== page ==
(I'm afraid it's only going to be of interest to my fellow UK-ians, though. And of those, probably only the ones growing up in the 80s. And of those - oh, who am I kidding? Within this subgroup, you are all going to find this amazing unless you grew up without TV. And it is, I swear to you, true. I have checked.)

Amidst all the nostalgic mourning for Grange Hill, I give you this wonderful bit of casting trivia: the actor who played Mr Bronson also played Adolf Hitler in Indiana Jones and the Last Crusade, in that scene when Indy hands him the diary.

See? See?

And to make it even better, IMDB says he was also in Remembrance of the Daleks, which brings me back to kids' TV in the 80s and what it may or may not have done to my easily-moulded childhood psyche that the BBC gave me Ace, who was clearly the Best Doctor Who Companion Of All Time, as a role model, BUT I do not have time to get into that because of work and swamped and everything. However. Mr Bronson played Hitler. You needed to know that, right? Right.

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I am in love

Posted by September Blue Tuesday, 5 February 2008 2 comments

With this drug.

My doctor told me that I'd be better able to deal with the migraines I get these days and never used to (thanks, PhD thesis!) if I made sure to be on the look-out for warning signs. Luckily, I do seem to get warning signs before the pain hits. Unluckily, one of them is that I become really, really stupid, and thus unable to work out what they are.

So, for example. This evening. I feel sick, but I have eaten more chocolate than was good for me, so maybe that's why. And then, all of a sudden, I'm in a furiously, gloweringly bad mood. What could this be? Has the world offended me somehow? Maybe it's job market blues staging an unexpected offensive? And then I'm exhausted, so tired I can hardly lift up my arms to the keyboard. How odd, I think. And then my palms go weird, tingly-numb, and I sit there staring at them thinking... Well, not thinking very much. As I mentioned, migraines make me stupid. So I sit there thinking "...huh..." until the evil migraine pixies take a belt sander to the inside of my skull, and I think "Ah! Yes! Migraine warning signs, just like the ones I got last time, and the time before, and the time before that!"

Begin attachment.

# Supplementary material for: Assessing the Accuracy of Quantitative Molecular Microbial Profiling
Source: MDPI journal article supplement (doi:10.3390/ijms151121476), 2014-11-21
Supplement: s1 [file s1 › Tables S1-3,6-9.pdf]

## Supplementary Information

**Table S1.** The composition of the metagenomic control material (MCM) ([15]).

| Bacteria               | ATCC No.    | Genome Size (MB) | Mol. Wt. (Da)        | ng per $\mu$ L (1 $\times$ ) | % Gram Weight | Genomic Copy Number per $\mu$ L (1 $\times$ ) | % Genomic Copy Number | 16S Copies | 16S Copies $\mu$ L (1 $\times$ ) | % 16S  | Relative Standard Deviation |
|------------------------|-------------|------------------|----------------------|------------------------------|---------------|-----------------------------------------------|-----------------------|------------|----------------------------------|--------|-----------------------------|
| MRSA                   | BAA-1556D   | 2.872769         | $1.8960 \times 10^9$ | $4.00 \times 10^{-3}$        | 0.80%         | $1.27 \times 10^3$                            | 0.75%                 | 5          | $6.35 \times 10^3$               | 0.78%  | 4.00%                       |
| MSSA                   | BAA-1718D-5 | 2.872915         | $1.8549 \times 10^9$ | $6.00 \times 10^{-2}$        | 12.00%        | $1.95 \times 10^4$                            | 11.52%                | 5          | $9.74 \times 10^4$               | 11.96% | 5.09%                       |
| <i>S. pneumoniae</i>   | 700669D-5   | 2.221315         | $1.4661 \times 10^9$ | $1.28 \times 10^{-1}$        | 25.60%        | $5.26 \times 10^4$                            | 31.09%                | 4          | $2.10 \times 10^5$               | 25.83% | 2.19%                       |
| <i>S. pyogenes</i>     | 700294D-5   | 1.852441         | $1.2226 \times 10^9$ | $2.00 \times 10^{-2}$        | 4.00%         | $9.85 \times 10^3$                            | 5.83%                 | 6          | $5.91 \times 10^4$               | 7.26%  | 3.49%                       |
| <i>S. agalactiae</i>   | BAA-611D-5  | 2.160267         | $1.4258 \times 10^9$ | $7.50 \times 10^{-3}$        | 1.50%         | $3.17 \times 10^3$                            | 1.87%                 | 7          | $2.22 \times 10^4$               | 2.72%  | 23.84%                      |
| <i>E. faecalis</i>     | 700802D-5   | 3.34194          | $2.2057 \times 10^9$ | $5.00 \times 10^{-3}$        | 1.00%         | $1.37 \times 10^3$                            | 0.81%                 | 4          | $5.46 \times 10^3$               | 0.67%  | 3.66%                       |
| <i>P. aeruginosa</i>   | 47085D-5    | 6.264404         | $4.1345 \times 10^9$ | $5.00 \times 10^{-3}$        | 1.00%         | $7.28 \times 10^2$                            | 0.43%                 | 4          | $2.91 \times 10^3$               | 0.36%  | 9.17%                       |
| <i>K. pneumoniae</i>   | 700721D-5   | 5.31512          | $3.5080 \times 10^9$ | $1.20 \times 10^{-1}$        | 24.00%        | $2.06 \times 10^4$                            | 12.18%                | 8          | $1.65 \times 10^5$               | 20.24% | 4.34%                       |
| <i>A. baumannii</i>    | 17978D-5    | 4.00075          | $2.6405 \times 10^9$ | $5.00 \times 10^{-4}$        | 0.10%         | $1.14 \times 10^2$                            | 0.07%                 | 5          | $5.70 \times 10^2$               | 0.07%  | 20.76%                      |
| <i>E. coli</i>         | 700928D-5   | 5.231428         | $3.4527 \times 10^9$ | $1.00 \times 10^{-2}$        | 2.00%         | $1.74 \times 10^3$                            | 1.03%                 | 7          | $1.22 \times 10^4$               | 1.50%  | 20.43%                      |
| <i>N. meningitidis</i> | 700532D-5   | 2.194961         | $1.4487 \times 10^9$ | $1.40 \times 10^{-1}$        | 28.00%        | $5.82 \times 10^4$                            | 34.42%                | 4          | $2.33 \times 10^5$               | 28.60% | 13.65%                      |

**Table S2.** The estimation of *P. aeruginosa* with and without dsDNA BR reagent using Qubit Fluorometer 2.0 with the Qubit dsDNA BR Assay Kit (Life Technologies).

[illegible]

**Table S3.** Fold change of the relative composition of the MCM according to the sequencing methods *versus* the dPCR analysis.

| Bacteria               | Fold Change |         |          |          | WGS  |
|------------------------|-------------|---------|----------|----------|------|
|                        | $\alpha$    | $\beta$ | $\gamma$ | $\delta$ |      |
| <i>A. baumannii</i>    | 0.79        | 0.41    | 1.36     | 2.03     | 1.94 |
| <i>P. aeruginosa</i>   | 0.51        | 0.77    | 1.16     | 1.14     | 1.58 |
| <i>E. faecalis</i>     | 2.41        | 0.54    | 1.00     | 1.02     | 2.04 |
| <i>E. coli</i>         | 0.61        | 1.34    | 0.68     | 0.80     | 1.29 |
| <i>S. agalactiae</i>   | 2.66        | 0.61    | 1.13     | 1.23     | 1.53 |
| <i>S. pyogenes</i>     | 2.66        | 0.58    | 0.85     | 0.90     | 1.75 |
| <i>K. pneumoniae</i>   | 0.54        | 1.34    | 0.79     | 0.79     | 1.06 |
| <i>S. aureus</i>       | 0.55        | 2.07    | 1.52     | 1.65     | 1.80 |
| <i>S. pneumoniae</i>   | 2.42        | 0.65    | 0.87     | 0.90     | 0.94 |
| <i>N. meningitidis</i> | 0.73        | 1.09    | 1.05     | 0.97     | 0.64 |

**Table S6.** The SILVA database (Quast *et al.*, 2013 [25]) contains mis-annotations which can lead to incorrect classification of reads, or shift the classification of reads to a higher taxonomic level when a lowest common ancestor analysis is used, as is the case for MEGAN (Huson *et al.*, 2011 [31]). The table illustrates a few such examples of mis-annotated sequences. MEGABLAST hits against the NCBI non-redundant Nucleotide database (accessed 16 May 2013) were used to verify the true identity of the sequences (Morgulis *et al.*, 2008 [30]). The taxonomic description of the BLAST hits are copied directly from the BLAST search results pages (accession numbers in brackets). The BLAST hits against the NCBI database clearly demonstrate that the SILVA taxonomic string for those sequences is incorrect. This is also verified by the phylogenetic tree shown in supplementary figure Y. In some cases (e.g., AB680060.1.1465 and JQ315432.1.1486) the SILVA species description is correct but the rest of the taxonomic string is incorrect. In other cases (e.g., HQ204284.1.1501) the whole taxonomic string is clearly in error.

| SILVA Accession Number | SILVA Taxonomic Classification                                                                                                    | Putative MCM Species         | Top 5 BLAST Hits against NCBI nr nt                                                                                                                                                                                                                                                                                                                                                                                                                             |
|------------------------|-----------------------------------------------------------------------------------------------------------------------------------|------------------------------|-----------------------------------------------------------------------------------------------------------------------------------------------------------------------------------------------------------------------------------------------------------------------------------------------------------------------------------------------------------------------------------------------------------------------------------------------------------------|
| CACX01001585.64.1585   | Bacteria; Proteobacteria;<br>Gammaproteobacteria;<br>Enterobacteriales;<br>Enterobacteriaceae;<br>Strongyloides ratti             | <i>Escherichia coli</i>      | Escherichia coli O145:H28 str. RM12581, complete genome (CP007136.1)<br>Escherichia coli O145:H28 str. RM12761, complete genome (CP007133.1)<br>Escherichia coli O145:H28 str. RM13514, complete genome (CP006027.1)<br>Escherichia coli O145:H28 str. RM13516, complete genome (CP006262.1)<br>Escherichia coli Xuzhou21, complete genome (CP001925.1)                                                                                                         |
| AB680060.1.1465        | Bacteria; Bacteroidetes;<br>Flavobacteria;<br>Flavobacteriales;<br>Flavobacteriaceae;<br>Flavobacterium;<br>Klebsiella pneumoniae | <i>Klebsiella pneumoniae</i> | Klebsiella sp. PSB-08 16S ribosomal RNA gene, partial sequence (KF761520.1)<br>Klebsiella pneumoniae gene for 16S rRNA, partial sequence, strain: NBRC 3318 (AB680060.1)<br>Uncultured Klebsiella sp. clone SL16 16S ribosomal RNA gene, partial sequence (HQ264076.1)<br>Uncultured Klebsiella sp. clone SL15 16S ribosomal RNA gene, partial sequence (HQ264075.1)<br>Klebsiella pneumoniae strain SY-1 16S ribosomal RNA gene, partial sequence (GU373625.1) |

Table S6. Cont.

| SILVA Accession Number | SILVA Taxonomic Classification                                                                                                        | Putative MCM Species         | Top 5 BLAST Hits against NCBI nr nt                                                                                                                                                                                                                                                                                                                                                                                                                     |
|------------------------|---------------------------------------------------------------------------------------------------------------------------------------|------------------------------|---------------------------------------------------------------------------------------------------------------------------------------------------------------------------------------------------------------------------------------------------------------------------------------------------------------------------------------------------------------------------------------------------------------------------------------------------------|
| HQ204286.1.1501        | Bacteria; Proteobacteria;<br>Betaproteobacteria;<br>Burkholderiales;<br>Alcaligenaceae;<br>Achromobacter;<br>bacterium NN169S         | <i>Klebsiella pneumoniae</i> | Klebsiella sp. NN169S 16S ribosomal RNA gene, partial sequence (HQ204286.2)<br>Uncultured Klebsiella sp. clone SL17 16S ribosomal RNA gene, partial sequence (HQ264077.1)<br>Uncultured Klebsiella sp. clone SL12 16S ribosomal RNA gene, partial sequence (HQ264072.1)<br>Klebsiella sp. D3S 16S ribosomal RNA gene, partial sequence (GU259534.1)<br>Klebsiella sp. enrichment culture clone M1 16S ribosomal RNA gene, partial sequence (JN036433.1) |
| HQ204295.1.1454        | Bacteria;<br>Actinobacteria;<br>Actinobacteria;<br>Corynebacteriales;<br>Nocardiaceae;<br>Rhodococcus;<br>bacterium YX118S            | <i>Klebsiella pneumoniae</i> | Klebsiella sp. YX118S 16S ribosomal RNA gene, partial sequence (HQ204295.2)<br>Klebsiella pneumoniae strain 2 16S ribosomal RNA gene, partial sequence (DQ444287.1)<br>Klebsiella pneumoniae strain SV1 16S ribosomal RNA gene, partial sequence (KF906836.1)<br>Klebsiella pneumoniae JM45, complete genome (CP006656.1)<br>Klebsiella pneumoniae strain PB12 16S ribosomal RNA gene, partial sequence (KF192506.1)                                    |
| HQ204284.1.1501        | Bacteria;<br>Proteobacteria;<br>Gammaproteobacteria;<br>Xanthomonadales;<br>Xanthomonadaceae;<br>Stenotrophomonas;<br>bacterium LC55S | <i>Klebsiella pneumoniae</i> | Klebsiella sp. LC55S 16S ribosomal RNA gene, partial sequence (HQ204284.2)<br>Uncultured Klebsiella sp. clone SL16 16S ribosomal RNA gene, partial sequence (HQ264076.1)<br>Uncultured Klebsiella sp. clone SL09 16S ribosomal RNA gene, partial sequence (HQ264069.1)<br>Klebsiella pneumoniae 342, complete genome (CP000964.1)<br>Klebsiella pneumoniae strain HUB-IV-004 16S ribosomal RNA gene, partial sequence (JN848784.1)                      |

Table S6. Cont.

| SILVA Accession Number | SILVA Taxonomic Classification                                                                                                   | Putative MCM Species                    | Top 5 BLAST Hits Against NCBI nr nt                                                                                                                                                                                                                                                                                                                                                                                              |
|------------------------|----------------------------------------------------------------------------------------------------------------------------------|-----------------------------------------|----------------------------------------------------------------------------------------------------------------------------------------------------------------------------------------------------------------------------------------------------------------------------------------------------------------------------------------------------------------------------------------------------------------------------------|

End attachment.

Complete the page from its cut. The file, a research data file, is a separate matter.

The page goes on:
But the doctor also gave me a prescription for diclofenac sodium, and diclofenac sodium, it turns out, will actually hold off the pain. I can still feel it round the edges of my mind, thumping in a ghostly way, but at the centre all is calm.

Love, I tell you. True love.

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The reason I'm wearing them is disappointingly prosaic.

Posted by September Blue Sunday, 3 February 2008 2 comments

It turns out, and I mean this in a completely literal sense, that my PhD supervisor's shoes are too big for me. Which is weird, because I'm sure we have the same size feet. I can only conclude that sometimes, opportunities for heavy symbolism are so perfect that they actually warp reality.

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Sandman: "Work on your publications, slacker."

Posted by September Blue Saturday, 2 February 2008 4 comments

Mr Sandman, bring me a dream
Some sweet department, a good salary scheme,
Give them a vacancy for a Lecturer A,
And put it up on
Sandman, I'm so alone,
Don't have no office to call my own,
Please turn on your magic beam
And Mr Sandman, bring me a dream

Mr Sandman, bring me a dream
With the cutest teaching load that I've ever seen,
Give them my word that I'm not a rover,
And tell them that their lengthy search is over
Sandman, I'm so damn broke
My overdraft has gone beyond a joke,
We're two months past the RAE,
So Mr Sandman, melt that hiring freeze

Mr Sandman, bring us a dream,
We can't live forever on toast and baked beans,
We'll publish like rabbits, we'll teach Lacan to yobs,
We'll even move to London if you'll give us a job
Mr Sandman, tell us you don't agree
That we've remortgaged our lives for a useless degree,
And boost our flagging self-esteeeeeeeeeem
Mr Sandman, bring us,
Please, please, please,
Mr Sandman, bring us a dream.

[The original, of course...]


Posted by September Blue Friday, 1 February 2008 2 comments